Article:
When we don't question these beliefs or practices, when we don't ask why, we risk falling into fundamentalist beliefs, and worse we risk compromising our personal principles.
It may seem contrary that a person would compromise personal principles by following a spiritual and religious practice, but as any cult survivor will tell you, sometimes you end up sacrificing your sense of self and personal principles for what you are told to believe. When we blindly follow the tenets of a belief system, we no longer question where everything dictated in that belief system is something we should follow.
This can be taken to some very unhealthy extremes, to a point where because a person feels that a deity or guru or person of spiritual authority has told him or her to do something, s/he has no choice in the matter. Or rather s/he has a choice, but if s/he doesn't do what the spiritual authority tells him/her to do, there will be bad consequences such as loss of health, loss of loved ones, or even the loss of life.
This causes me to wonder if a spiritual authority told such a person to jump off a cliff, if the person would in fact jump off that cliff because the spiritual authority told him or her to, or if the person would actually ask the deity the very important question of why.
Asking the question of why is really taking a step back from any situation and putting some distance between yourself and that situation so that you can examine it more objectively. Asking why is employing critical thinking skills, and more importantly claiming your own sense of empowerment by asking not only the deity, guru, priest, or whoever why you're being asked to do something, but also asking yourself why you think you're being asked/told to do whatever it was that was asked/commanded of you.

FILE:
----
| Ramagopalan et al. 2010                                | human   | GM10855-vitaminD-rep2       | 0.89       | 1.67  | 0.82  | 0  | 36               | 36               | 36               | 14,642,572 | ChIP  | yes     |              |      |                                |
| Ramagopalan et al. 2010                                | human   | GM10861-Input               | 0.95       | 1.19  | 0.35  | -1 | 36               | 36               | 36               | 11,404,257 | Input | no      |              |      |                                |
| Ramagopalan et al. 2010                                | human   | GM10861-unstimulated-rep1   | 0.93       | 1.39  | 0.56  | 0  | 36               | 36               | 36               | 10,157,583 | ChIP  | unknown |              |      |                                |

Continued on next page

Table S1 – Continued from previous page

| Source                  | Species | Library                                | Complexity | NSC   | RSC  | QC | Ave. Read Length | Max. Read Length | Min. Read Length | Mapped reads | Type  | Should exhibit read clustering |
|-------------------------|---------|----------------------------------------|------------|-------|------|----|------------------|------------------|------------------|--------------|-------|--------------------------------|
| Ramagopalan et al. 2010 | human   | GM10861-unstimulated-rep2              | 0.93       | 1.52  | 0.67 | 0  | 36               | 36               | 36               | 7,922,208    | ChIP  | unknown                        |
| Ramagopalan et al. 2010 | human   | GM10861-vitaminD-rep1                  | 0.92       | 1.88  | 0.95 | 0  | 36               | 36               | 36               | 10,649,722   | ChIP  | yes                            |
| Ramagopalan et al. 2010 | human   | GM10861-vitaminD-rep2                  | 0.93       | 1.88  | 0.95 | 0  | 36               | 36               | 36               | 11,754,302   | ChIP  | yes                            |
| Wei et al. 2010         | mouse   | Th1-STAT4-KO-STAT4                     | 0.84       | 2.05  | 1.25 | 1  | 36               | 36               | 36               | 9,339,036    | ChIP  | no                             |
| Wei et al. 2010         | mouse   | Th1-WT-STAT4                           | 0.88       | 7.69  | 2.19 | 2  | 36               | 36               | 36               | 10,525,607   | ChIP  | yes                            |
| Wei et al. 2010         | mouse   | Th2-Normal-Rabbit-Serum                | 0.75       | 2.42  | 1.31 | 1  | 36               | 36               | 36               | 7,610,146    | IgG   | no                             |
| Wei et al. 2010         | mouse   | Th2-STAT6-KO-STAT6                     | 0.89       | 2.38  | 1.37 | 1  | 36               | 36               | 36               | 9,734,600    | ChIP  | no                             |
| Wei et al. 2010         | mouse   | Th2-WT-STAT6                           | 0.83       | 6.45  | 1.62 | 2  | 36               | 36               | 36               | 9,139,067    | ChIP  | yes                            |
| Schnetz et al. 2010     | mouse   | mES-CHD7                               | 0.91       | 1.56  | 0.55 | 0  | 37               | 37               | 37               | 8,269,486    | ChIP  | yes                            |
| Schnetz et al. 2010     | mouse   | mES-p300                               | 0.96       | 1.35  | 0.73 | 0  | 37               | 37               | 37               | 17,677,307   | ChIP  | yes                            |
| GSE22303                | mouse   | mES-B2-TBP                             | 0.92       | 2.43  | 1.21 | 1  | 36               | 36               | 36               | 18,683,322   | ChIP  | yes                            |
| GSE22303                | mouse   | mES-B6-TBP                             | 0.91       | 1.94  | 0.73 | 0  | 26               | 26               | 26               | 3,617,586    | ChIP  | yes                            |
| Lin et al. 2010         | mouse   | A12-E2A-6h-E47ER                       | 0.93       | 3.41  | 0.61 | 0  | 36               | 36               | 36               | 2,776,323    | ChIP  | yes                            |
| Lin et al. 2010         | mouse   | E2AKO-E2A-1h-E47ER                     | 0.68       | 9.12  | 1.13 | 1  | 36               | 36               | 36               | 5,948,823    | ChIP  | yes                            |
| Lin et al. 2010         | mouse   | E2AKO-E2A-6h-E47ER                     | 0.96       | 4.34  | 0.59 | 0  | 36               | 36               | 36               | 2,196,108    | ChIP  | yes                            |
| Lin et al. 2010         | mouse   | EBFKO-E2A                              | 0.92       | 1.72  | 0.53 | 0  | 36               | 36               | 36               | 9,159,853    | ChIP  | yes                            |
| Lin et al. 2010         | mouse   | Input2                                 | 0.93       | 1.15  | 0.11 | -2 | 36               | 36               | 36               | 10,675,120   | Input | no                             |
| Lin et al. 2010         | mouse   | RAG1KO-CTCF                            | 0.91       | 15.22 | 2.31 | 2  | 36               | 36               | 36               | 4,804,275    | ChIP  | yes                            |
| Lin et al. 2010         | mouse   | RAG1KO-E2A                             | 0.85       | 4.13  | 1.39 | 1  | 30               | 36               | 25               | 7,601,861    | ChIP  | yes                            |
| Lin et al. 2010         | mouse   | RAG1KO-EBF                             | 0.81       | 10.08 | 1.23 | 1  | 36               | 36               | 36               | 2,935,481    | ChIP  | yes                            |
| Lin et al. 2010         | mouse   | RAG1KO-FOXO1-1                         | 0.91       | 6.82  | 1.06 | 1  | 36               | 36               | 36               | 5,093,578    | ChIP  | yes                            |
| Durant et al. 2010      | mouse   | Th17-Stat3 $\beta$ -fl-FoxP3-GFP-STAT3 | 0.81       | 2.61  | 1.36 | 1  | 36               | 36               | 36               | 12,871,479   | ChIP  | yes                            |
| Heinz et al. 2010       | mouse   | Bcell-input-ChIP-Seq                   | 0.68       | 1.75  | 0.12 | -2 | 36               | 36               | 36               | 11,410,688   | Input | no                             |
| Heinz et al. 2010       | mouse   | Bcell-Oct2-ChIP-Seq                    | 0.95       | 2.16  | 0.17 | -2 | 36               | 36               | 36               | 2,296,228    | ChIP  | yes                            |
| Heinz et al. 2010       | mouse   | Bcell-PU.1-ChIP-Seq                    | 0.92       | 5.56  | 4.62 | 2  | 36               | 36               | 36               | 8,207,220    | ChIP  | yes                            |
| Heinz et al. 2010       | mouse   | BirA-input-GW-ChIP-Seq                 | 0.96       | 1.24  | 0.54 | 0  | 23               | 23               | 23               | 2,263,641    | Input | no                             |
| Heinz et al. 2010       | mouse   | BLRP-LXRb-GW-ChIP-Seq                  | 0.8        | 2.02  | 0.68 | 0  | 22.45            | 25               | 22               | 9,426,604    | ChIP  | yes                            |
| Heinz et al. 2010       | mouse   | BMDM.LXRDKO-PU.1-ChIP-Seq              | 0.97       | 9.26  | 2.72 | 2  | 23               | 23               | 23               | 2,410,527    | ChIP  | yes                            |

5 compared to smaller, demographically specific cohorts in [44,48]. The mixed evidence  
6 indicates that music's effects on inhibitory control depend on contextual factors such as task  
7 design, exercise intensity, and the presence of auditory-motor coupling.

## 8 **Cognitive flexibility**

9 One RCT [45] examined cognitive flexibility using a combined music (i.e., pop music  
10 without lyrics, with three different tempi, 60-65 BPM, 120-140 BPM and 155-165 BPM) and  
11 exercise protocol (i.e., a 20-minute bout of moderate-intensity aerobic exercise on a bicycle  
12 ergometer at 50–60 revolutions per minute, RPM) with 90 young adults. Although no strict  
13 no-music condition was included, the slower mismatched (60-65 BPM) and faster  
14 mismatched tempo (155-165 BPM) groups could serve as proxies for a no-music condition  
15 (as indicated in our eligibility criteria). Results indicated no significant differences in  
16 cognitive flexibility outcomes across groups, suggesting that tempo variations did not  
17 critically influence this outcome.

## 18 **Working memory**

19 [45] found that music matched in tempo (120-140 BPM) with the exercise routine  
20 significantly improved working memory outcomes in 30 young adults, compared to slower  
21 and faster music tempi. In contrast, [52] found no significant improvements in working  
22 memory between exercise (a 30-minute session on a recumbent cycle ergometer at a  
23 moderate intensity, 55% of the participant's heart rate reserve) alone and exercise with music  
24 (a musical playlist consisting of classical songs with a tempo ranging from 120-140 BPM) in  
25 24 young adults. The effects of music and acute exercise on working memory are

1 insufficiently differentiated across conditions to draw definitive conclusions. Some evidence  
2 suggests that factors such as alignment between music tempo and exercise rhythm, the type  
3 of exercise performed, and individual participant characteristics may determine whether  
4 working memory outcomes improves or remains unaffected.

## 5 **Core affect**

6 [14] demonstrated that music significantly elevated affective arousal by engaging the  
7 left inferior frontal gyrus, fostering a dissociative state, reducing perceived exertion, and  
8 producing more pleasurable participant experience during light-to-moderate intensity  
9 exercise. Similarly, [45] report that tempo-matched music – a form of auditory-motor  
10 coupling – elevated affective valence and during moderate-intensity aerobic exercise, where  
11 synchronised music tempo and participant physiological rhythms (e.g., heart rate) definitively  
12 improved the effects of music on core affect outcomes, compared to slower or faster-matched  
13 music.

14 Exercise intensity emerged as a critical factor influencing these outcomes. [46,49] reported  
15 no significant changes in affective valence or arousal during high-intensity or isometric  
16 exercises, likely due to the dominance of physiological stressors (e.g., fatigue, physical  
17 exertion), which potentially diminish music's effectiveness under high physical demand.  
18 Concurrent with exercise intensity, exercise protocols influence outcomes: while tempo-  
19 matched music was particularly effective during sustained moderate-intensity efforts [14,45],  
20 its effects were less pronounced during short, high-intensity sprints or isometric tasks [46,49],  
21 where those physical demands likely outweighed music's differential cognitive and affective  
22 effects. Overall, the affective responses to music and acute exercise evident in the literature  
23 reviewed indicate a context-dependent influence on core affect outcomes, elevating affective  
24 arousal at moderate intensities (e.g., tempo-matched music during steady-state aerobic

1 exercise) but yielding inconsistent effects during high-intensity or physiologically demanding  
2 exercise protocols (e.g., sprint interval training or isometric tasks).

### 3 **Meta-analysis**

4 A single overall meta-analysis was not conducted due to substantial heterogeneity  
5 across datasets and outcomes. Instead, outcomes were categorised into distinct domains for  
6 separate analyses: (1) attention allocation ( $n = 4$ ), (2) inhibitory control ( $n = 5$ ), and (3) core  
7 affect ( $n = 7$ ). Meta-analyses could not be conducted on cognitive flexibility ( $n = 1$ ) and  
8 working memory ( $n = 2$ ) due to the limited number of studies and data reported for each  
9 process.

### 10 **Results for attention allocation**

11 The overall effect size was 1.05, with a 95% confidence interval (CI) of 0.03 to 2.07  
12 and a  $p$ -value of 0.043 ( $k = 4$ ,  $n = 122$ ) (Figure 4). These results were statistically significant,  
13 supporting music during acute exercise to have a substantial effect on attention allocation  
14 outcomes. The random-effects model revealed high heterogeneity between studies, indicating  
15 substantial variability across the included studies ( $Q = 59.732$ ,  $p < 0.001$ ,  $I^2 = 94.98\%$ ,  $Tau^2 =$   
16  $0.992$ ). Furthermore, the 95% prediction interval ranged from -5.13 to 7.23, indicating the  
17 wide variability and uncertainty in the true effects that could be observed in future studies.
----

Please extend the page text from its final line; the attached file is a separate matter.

Another, equally important question to ask is: What am I supposed to learn from this situation? What are the lessons here for me? This question is all too easily ignored sometimes, because a person can become so focused on the external environment and on what needs to be accomplished that actually taking time to experience what is happening and then reflect on it via meditation is forgotten.
Yet meditation of some form is essential as both a way to connect everything that has happened, and as a way of critically examining what's happened in a mindful way so that the lessons can be fully appreciated.
In a spiritual or religious situation, it's important to ask what the lesson for the self is, because every experience a person has in his or her life has something to teach that person, if s/he is willing to take time to focus on asking why.
Asking why is really asking what the lesson is for you, in this situation. It's asking why you find yourself in this situation, why you have this particular pattern of behavior occurring. It's looking at the deep structures of your identity and asking how what you are doing both originates from and contributes to that sense of identity that is your divine spark within this universe. It's also a reminder that in the end, the ultimate authority for yourself resides within that divinity within you, as opposed to any external source within your life.
The external sources can provide inspiration and guidance, but in the end, it is still you who has to know the importance of asking why, of questioning the very beliefs you have so that you know you are staying true to the journey of your life, and learning what you can learn from everything you experience.
Copyright: copyright Taylor Ellwood 2008
Location: Portland, Oregon
Website: http://www.thegreenwolf.com, http://www.imagineyourreality.com